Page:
The Armstrong court then considered, properly, whether the President had delegated any non-advisory functions the NSC and analyzed several Executive Orders and National Security Decision Directives issued by Presidents since the Council's creation more than six decades ago. Id . at 561-65. The court rejected the disappointed FOIA applicant's argument that the NSC had " accreted authority to act independently in a variety of areas" and concluded that the NSC staff " exercises no substantial authority either to make or to implement policy" independent of the President, serving a unique and " quintessentially advisory" role only. Id . at 561. For this reason, as well as the Council's unique proximity to the President, Armstrong held that, despite its organizational complexity, the NSC was not an " agency" subject to FOIA. Id . at 565. The Court finds no reason to depart from Armstrong's thoroughly persuasive and well-articulated reasoning.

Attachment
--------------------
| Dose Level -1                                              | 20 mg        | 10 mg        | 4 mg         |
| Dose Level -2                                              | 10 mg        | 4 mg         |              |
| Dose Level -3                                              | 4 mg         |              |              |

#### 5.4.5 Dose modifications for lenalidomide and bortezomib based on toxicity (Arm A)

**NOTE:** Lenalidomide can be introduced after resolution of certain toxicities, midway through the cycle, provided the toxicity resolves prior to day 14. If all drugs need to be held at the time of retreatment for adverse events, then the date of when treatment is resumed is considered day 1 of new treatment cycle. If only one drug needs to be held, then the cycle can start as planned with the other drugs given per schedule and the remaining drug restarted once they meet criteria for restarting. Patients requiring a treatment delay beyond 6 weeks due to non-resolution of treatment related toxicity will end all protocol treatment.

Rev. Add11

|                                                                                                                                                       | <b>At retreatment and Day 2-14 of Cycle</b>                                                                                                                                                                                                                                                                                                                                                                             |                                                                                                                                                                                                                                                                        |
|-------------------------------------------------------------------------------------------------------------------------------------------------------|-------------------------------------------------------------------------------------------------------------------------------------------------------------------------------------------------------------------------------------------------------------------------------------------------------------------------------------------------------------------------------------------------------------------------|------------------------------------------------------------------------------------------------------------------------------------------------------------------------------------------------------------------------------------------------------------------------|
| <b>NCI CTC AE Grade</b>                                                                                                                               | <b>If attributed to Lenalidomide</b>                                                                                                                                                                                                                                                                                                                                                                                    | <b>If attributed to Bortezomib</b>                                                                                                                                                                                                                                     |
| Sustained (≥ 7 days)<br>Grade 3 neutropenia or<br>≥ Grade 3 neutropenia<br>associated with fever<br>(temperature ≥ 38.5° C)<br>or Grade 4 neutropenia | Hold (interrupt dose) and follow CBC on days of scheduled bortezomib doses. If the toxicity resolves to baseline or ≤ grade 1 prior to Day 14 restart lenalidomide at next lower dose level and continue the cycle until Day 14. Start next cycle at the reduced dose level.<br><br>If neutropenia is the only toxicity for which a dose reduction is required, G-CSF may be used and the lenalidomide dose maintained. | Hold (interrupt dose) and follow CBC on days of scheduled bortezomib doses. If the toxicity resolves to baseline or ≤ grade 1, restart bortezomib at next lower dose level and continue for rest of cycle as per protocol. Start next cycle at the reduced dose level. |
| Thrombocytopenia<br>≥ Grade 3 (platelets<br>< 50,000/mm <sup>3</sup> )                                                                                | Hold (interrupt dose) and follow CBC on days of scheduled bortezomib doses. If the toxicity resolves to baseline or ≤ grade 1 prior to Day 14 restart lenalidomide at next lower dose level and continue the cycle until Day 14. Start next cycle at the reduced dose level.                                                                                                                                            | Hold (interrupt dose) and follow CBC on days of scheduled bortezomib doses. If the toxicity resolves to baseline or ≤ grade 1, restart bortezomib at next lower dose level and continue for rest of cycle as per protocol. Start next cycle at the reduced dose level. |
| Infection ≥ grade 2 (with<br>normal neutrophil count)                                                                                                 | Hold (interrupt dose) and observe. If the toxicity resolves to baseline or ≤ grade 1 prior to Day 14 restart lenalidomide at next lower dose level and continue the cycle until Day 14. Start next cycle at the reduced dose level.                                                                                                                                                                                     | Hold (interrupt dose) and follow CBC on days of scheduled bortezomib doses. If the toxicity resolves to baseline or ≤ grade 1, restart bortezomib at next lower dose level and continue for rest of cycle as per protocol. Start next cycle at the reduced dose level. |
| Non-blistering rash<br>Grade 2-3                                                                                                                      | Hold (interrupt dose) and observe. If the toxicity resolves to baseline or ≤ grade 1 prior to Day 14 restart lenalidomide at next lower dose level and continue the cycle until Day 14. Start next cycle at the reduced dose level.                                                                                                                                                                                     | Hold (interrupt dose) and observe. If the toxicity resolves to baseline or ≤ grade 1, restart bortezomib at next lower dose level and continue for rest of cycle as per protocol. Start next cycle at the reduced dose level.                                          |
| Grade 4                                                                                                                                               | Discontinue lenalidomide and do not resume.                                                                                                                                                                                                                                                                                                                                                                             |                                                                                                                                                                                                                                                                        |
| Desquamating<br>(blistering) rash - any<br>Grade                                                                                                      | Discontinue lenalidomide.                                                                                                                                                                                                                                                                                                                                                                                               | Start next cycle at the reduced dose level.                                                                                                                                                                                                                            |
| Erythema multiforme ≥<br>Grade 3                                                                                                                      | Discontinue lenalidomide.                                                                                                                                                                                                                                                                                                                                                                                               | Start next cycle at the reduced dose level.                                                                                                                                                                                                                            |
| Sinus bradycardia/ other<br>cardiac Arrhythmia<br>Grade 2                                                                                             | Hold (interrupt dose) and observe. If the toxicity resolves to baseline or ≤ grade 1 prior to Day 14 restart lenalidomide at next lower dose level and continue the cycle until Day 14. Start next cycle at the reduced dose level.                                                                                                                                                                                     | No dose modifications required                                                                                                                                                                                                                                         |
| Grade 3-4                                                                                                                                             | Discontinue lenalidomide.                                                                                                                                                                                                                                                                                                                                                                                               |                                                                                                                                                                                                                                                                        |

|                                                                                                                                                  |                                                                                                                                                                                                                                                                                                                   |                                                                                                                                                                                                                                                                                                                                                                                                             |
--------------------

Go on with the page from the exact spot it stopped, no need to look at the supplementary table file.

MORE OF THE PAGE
Main Street, of course, protests vigorously, deriding Armstrong as both incorrect and outdated, and contends that the NSC's role has changed significantly since that case was decided in 1996. In particular, Main Street asserts that the NSC has been delegated " significant independent authority in a variety of areas ... by Executive Order," a claim it buttresses with citations to PPD-1. (Pl.'s Mem. at 14-15). But, by its very language, PPD-1 belies this contention. That directive makes crystal clear that President Obama's purpose in issuing it was to confirm his direction to the NSC to " assist me [i.e., the President] in carrying out my responsibilities in the area of national security." PPD-1 at 1 (emphasis added). The directive further explains that the NSC " shall be the principal forum for consideration of national security policy issues requiring Presidential determination ," and " shall advise and assist me in integrating all aspects of national security policy as it affects the United States." Id . (emphasis added). Moreover, " [a]long with its subordinate committees, the NSC shall be my principal means for coordinating executive departments and agencies in the development and implementation of national security policy." The directive all the more compels the conclusion that, to the extent the Council and its subcommittees are involved in policy formation or implementation, their duties do not involve the kind of independence from the President that would characterize the operations of an " agency" within the meaning of FOIA, nor are those duties " substantial" in comparison to the NSC's fundamental role as an advisory body.